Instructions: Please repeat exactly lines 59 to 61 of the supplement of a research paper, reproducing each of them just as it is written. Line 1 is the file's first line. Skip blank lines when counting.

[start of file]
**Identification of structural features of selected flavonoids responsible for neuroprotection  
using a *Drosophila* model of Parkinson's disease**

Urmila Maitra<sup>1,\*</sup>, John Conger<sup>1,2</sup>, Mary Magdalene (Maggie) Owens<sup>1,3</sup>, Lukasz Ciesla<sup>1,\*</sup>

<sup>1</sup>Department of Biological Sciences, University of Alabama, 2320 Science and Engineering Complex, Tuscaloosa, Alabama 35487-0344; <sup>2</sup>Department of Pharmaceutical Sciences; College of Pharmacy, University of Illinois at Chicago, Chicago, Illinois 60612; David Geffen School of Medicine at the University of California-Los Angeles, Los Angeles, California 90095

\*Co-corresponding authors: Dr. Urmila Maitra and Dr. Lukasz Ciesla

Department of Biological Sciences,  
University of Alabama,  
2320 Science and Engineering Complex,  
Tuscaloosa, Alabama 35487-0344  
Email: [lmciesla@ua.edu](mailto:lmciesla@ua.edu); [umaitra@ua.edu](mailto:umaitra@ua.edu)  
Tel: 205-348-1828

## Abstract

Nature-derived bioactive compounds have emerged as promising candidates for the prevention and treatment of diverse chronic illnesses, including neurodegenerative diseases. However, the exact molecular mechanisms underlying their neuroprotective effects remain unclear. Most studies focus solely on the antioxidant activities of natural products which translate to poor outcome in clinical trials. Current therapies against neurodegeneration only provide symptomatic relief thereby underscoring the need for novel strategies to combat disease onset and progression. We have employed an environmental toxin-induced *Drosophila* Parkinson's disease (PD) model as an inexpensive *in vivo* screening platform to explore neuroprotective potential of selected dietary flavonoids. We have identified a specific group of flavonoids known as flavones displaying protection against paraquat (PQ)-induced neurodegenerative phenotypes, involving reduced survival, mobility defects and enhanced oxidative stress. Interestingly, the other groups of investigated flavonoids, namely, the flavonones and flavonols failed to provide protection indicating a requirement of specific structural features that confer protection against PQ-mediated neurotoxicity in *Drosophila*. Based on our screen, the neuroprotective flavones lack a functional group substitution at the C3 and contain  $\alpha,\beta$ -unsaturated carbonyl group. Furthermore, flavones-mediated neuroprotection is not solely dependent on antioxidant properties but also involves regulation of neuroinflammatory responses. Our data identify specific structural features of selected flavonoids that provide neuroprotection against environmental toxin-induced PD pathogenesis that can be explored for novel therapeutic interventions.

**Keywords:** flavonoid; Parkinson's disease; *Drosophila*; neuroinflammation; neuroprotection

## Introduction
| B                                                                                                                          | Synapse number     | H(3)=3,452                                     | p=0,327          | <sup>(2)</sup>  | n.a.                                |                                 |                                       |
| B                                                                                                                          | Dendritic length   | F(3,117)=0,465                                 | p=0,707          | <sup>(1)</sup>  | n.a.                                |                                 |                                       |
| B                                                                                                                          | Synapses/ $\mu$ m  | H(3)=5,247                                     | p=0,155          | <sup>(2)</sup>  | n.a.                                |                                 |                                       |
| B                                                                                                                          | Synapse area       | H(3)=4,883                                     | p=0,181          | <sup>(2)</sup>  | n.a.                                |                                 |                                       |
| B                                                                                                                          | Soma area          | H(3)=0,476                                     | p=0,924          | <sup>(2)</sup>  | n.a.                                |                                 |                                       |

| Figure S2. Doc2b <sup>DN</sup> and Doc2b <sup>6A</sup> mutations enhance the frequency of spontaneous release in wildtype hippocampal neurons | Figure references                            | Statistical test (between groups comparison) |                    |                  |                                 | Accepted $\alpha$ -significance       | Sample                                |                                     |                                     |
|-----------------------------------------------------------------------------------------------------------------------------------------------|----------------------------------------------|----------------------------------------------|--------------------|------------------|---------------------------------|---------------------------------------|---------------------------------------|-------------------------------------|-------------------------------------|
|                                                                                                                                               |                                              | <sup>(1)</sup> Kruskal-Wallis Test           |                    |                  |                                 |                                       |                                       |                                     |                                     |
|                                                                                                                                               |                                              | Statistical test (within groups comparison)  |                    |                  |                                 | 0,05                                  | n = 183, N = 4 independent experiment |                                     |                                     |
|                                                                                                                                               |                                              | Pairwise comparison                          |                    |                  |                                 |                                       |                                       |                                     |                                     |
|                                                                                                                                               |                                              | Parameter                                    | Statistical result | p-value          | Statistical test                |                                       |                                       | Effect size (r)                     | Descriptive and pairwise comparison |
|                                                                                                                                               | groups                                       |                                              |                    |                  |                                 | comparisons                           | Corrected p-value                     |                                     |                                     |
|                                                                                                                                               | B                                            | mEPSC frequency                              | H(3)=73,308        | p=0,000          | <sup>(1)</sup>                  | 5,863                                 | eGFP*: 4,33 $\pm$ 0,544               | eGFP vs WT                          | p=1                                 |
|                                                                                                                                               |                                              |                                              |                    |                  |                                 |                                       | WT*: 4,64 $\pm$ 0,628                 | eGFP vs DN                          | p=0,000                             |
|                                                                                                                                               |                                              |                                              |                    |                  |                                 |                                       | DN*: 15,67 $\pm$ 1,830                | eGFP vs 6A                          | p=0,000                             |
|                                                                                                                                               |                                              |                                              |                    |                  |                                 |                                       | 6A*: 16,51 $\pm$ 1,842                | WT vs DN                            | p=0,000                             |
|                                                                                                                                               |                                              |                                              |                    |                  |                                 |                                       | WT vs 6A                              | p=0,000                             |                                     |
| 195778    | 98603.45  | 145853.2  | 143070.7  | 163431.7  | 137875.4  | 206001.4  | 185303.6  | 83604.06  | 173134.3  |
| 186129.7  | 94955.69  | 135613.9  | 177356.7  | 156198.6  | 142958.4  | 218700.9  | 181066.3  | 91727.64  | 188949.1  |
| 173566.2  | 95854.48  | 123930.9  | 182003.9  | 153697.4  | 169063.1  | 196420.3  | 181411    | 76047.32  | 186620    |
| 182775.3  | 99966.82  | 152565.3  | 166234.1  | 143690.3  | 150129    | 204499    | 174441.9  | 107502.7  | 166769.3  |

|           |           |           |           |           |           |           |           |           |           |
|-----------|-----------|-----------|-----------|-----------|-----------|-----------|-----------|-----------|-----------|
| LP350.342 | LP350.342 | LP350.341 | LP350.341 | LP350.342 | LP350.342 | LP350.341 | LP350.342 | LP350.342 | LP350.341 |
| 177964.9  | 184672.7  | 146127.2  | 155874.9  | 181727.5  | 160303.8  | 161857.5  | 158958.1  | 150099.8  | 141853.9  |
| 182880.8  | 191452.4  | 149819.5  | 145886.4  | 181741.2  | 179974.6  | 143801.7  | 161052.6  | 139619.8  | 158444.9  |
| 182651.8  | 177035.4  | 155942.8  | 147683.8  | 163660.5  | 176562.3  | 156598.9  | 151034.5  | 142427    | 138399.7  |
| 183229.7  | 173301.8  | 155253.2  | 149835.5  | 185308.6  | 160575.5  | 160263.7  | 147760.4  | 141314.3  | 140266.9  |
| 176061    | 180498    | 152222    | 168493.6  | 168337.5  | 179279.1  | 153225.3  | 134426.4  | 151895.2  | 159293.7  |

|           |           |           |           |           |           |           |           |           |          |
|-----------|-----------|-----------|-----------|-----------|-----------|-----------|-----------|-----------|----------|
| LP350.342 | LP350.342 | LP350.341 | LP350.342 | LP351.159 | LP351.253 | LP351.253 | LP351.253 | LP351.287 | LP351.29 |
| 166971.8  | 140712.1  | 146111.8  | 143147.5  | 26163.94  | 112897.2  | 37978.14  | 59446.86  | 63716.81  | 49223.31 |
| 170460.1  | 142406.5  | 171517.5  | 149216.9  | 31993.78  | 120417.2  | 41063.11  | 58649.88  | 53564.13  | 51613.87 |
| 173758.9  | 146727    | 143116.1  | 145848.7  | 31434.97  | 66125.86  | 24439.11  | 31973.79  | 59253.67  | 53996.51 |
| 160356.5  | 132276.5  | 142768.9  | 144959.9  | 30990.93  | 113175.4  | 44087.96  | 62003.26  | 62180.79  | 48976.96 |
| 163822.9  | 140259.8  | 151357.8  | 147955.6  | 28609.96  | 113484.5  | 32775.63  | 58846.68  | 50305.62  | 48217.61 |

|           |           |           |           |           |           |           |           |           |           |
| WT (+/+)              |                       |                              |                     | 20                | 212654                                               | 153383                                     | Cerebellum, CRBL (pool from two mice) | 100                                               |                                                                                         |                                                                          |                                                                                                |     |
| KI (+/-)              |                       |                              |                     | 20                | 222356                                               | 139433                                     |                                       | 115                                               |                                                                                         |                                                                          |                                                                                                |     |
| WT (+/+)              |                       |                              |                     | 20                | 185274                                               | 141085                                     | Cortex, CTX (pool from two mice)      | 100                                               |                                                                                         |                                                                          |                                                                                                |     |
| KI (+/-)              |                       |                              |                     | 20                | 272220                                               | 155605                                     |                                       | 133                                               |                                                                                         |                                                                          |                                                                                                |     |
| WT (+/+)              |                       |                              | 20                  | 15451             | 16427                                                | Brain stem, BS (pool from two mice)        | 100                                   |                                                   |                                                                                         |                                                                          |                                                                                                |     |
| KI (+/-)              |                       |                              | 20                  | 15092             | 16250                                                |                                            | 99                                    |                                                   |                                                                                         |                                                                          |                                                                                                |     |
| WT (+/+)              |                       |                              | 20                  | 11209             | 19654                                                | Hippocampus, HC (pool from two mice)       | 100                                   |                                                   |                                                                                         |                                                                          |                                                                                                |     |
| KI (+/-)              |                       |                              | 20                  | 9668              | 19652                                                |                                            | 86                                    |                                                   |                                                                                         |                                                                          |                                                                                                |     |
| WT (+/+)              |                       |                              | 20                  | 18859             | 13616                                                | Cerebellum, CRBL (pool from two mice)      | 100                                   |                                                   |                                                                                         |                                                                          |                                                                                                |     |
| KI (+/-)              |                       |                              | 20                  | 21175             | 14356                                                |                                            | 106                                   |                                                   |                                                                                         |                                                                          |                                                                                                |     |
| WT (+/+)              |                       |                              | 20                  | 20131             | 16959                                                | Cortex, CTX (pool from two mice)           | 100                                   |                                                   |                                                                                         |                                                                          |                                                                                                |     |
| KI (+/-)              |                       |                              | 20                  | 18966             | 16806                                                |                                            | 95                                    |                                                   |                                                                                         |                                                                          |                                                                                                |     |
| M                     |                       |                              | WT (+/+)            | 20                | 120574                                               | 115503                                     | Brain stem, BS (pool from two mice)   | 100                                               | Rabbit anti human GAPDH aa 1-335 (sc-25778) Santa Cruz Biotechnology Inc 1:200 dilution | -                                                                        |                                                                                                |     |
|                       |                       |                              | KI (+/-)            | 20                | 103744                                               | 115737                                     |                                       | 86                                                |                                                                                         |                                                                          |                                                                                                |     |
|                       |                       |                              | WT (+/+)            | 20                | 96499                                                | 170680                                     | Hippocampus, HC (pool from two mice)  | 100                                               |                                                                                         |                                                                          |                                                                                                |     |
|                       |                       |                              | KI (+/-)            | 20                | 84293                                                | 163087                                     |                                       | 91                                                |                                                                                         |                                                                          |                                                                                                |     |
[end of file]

| KI (+/-)              |                       |                              | 20                  | 15092             | 16250                                                |                                            | 99                                    |                                                   |                                                                                         |                                                                          |                                                                                                |     |
| WT (+/+)              |                       |                              | 20                  | 11209             | 19654                                                | Hippocampus, HC (pool from two mice)       | 100                                   |                                                   |                                                                                         |                                                                          |                                                                                                |     |
| KI (+/-)              |                       |                              | 20                  | 9668              | 19652                                                |                                            | 86                                    |                                                   |                                                                                         |                                                                          |                                                                                                |     |